Kickoff For July 9, 2018

Welcome to this week’s edition of the Monday Kickoff, a collection of what I’ve found interesting, informative, and insightful on the web over the last seven days.

Would you believe that The Monday Kickoff was originally planned to be an email newsletter? I had a newsletter a few years ago, which I distributed using a service called TinyLetter. The problem was that I grew uncomfortable with collecting peoples’ email addresses (even though I did nothing with them), and having that information collected by a third party. So a blog-ish website made the most sense.

So, there you go. Another small piece of this story …

Let’s get this Monday started with these links:


Lost: Struggling to cope with millions of unclaimed items in Tokyo, wherein we enter, however briefly, Japan’s world of lost items and learn how they’re lost and what happens to those items.

He was one of millions of Chinese seniors growing old alone. So he put himself up for adoption, wherein we learn about growing old in China and how young people have abandoned the old model, but the government had yet to find a new system for senior care, creating a crisis in the care of the elderly.

This Boy From Mumbai Became the World’s Unlikeliest Crossword King, wherein we’re regaled with the story of Mangesh Ghogre, who cracked the intricacies of the design of American crossword puzzles. All without ever having set foot in the States.


The Digital Poorhouse, wherein Jacob Wisberg explores two books on the uses and abuses of algorithms, which describe how certain ones have hurt the poor and disadvantaged, and one of which offers a potential solution: ethical compunction rather than more data and better mining of it.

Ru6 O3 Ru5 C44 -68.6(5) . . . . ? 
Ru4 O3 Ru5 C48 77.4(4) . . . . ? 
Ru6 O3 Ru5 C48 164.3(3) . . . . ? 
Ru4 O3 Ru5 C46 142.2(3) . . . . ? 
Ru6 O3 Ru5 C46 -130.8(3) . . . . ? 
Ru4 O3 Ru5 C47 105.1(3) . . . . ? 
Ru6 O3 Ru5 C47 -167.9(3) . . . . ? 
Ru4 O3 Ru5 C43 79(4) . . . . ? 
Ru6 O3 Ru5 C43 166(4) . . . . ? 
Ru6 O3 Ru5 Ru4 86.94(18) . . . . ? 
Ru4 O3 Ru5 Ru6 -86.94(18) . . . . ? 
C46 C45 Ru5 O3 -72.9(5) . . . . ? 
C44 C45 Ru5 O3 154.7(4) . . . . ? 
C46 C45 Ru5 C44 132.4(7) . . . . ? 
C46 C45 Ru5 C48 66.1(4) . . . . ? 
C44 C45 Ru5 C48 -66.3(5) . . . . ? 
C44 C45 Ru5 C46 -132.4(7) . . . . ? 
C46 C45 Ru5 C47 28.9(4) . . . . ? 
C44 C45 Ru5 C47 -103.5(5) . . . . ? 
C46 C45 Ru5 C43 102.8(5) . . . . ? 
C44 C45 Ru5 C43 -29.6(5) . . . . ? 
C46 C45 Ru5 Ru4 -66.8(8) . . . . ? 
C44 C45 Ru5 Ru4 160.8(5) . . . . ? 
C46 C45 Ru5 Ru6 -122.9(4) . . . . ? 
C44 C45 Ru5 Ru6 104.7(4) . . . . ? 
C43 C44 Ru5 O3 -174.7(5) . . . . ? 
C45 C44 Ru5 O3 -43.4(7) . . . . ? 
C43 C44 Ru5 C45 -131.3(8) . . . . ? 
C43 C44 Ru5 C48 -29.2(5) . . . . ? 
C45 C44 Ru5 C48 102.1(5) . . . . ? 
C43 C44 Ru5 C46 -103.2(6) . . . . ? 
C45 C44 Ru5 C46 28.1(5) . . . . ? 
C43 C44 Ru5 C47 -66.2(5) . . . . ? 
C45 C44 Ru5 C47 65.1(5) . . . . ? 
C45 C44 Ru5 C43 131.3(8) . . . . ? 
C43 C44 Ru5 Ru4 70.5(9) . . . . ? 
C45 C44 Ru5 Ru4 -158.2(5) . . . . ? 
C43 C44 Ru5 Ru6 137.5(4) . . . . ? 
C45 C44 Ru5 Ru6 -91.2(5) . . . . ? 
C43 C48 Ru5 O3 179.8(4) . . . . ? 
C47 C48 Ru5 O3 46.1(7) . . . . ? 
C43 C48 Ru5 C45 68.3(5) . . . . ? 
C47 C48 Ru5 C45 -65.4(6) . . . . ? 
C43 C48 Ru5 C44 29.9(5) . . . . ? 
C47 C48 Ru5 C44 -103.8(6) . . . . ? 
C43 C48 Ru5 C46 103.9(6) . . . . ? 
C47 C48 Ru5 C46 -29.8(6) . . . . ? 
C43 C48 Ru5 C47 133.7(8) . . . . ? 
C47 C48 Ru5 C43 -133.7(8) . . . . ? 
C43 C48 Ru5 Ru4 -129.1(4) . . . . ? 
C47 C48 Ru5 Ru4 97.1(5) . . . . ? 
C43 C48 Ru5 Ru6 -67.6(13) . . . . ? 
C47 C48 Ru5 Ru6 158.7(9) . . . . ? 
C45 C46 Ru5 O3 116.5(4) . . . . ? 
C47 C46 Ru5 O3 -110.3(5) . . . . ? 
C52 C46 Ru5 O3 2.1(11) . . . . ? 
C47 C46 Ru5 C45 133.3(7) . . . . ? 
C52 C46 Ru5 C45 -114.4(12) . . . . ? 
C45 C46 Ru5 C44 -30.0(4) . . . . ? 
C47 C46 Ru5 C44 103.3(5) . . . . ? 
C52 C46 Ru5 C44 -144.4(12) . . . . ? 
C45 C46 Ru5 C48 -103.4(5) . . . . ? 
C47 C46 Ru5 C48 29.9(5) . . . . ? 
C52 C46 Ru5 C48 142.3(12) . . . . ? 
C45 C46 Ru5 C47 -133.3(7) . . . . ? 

Ignore the hype over big tech. Its products are mostly useless, wherein we’re treated to a contrarian view of consumer technology: that most recent advances are products and services that we really don’t need.

Are You Really the Product? The History of a Dangerous Idea, wherein Will Oremus looks at a not-so-new idea — that if you don’t pay for a service, your data is the product — and presents a contrarian take on the idea.

Taking Things to Extremes

The Weird, Dangerous, Isolated Life of the Saturation Diver, wherein we enter the world of the professional deep-sea divers who spend days or weeks living in giant tin cans, and the mental and physical pressures they face while working at depth.

The Wisdom of Running a 2,189-Mile Marathon, wherein we learn what drives extreme endurance athletes, what keeps them going, and what can stop them in their tracks.

Chasing an Impossible Storm, wherein Brantley Hargrove recounts the last minutes of the life of storm chaser Tim Samaras, who went out doing what he loved most.

And that’s it for this Monday. Come back in seven days for another set of links to start off your week.

Scott Nesbitt